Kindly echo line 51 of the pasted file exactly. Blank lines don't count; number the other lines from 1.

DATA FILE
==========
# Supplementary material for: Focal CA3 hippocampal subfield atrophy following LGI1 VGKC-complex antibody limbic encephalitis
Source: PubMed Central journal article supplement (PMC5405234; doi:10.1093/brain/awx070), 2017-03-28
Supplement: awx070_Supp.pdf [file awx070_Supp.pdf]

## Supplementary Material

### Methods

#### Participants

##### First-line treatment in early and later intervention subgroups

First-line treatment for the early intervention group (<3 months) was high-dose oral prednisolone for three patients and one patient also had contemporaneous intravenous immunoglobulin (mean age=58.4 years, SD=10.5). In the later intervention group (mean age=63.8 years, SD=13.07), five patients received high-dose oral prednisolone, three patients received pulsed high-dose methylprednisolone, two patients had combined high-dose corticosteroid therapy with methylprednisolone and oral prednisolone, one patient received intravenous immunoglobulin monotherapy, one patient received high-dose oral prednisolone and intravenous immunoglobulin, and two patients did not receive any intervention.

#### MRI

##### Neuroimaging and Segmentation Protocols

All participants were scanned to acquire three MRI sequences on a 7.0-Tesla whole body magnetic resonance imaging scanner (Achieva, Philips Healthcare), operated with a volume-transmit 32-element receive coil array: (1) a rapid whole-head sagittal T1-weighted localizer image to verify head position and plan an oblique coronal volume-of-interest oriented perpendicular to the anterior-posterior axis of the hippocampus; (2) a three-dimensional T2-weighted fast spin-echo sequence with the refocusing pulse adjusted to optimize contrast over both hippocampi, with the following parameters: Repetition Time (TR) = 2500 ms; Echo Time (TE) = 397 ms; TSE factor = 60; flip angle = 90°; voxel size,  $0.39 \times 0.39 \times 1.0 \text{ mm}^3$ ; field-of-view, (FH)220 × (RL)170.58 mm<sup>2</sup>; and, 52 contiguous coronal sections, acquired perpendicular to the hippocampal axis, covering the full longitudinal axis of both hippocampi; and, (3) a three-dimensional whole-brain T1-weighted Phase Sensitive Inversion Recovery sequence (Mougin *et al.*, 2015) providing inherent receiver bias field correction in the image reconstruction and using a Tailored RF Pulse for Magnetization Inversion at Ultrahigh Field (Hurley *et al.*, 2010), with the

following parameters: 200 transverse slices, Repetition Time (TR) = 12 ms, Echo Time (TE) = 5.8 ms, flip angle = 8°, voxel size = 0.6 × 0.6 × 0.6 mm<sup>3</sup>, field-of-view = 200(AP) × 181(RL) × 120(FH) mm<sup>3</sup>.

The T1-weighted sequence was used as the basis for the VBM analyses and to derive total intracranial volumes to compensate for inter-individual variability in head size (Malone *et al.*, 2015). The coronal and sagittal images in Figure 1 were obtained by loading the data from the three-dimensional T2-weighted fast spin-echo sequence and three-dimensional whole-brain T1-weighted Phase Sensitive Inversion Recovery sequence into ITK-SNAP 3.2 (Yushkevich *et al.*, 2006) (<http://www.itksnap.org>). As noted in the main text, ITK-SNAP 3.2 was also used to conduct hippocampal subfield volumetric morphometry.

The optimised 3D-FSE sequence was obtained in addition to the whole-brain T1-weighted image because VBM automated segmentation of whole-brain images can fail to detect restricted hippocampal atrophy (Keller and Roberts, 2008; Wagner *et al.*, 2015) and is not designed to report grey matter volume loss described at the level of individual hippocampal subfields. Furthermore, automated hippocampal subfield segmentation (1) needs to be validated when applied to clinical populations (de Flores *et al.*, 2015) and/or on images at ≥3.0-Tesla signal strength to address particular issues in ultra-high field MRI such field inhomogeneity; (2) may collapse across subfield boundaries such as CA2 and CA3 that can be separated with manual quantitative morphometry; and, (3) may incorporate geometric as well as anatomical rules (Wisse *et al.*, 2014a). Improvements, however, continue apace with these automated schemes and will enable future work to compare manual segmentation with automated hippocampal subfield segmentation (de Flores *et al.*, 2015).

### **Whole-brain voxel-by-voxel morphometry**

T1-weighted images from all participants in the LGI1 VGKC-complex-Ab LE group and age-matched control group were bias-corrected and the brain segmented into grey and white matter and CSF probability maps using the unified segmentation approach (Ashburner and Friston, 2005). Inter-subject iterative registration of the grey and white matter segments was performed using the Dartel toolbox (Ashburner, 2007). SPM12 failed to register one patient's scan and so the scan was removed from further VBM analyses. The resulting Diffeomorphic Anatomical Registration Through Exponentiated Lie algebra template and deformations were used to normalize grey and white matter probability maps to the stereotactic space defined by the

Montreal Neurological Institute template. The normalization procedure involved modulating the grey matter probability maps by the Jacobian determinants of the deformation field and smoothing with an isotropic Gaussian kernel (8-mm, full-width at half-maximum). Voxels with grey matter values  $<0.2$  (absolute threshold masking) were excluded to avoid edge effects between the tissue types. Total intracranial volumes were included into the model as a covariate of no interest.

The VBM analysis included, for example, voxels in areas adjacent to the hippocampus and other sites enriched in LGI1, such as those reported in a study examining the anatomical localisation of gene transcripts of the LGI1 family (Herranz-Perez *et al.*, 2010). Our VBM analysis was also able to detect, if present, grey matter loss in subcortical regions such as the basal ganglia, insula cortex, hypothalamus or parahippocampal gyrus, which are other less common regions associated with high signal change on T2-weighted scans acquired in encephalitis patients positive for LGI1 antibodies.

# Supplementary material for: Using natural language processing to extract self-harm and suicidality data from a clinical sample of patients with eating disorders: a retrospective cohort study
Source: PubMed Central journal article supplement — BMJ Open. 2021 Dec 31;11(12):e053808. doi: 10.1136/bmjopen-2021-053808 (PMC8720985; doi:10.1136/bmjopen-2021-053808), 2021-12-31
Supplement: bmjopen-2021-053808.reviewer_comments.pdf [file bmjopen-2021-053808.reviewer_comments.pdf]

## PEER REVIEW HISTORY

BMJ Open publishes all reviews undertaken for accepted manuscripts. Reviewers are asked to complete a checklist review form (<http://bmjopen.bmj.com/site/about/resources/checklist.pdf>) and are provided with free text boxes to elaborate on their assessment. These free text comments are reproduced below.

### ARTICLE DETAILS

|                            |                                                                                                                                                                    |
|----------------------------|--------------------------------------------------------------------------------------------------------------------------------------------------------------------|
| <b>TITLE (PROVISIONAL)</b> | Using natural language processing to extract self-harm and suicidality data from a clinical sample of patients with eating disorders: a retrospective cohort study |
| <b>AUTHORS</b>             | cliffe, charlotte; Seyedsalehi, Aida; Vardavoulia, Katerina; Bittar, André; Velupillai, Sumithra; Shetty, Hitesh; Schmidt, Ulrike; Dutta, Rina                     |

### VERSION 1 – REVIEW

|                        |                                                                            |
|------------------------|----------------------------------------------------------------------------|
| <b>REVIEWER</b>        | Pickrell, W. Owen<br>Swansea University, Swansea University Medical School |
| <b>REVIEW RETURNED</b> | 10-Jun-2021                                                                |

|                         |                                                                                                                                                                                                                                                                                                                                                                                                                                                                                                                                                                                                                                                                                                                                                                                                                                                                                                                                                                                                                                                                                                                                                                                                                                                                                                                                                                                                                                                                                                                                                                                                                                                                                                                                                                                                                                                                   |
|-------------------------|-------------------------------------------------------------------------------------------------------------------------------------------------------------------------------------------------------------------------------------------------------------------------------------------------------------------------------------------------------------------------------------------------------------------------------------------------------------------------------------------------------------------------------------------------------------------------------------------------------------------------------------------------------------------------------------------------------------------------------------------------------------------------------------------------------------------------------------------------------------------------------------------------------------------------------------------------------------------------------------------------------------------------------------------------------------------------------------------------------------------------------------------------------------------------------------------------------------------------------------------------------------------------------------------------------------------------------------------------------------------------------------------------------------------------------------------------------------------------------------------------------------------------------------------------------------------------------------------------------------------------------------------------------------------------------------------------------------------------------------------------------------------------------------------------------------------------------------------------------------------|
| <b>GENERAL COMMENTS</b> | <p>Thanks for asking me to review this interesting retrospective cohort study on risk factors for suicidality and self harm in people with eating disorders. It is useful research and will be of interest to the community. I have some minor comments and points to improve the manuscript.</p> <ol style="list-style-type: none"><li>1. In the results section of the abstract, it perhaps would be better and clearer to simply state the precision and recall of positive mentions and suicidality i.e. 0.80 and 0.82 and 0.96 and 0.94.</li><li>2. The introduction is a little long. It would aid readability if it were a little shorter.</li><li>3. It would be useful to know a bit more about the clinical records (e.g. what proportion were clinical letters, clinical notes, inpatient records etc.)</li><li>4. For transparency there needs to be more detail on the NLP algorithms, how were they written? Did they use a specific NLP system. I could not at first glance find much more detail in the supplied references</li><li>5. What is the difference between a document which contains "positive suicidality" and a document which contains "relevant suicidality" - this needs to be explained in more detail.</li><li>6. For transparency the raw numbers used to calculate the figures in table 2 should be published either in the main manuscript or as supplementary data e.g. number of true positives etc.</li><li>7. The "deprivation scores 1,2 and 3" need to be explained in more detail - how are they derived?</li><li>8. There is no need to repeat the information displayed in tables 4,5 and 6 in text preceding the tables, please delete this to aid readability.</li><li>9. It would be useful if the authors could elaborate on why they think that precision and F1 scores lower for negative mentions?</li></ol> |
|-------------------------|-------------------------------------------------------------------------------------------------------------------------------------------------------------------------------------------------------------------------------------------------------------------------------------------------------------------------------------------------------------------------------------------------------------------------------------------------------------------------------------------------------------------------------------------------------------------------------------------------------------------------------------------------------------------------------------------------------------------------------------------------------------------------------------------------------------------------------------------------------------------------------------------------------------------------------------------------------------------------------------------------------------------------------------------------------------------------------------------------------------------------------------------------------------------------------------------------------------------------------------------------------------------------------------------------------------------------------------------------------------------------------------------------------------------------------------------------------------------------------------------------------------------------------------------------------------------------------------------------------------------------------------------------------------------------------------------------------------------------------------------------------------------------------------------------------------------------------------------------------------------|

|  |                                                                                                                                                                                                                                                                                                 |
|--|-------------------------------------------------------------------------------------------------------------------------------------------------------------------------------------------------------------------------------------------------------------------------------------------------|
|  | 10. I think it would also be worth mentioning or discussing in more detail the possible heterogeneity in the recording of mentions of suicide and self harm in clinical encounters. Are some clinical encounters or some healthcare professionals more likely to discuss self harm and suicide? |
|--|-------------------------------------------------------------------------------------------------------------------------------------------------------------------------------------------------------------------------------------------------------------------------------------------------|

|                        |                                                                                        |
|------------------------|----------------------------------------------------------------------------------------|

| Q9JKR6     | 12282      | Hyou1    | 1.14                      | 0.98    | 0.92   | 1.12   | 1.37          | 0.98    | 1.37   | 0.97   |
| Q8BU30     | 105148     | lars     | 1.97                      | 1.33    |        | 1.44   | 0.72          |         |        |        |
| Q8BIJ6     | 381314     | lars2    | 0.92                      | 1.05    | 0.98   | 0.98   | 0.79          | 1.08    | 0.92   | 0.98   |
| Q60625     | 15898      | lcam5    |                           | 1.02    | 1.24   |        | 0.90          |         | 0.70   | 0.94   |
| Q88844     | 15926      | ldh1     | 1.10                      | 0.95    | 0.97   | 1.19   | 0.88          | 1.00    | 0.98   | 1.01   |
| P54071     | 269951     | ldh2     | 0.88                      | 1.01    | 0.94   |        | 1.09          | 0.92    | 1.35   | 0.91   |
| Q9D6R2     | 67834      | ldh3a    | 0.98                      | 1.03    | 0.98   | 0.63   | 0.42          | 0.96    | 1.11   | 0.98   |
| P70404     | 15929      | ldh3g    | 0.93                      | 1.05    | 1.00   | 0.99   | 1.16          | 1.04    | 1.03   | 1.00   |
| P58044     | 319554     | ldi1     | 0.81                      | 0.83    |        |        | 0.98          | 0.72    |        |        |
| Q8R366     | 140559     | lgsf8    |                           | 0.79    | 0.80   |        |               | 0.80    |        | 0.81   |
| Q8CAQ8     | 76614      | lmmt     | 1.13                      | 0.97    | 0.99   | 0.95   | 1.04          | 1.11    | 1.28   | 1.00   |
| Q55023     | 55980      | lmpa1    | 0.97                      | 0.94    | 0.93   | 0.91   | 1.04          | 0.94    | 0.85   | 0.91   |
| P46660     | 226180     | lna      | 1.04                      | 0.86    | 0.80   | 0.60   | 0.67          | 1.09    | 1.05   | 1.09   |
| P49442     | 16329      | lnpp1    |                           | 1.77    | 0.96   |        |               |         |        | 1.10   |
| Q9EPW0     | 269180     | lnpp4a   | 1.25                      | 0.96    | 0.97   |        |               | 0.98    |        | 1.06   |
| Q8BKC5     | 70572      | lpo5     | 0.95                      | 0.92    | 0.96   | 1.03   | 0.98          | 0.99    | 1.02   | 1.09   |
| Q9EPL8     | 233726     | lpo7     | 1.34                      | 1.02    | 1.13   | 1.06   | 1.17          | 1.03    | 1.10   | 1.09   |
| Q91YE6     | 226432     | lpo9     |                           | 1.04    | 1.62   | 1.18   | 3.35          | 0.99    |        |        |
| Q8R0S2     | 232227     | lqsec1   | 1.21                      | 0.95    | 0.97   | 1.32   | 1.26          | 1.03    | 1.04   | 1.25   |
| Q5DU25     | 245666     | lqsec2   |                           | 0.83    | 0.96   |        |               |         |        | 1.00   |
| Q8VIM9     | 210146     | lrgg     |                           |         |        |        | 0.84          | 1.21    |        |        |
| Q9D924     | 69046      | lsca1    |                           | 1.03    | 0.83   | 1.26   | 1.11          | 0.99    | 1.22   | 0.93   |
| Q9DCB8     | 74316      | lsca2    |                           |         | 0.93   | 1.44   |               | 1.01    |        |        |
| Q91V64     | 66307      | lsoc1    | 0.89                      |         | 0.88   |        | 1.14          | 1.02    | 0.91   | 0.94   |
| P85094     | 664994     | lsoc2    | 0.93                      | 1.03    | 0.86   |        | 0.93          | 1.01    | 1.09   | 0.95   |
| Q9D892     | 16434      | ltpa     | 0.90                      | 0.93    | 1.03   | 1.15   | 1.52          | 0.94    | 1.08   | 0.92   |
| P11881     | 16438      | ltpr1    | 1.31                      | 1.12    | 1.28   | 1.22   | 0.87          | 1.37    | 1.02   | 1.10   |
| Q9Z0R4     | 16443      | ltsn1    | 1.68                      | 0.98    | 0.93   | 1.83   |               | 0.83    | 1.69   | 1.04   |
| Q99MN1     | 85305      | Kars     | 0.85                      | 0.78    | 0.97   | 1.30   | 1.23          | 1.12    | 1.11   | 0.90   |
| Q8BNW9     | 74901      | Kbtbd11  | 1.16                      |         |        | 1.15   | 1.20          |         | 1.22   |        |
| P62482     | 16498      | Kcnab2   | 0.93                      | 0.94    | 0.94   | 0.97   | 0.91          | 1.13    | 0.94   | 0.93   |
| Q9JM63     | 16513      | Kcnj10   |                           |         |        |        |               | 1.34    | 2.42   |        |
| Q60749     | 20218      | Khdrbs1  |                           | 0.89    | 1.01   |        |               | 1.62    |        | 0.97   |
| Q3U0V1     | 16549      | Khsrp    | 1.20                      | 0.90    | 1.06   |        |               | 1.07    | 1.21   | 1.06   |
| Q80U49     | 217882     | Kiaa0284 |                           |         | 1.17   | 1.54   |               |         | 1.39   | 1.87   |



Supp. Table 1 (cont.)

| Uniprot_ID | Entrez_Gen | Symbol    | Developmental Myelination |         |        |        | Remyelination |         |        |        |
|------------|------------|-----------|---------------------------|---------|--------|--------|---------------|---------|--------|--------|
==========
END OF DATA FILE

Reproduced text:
| P70404     | 15929      | ldh3g    | 0.93                      | 1.05    | 1.00   | 0.99   | 1.16          | 1.04    | 1.03   | 1.00   |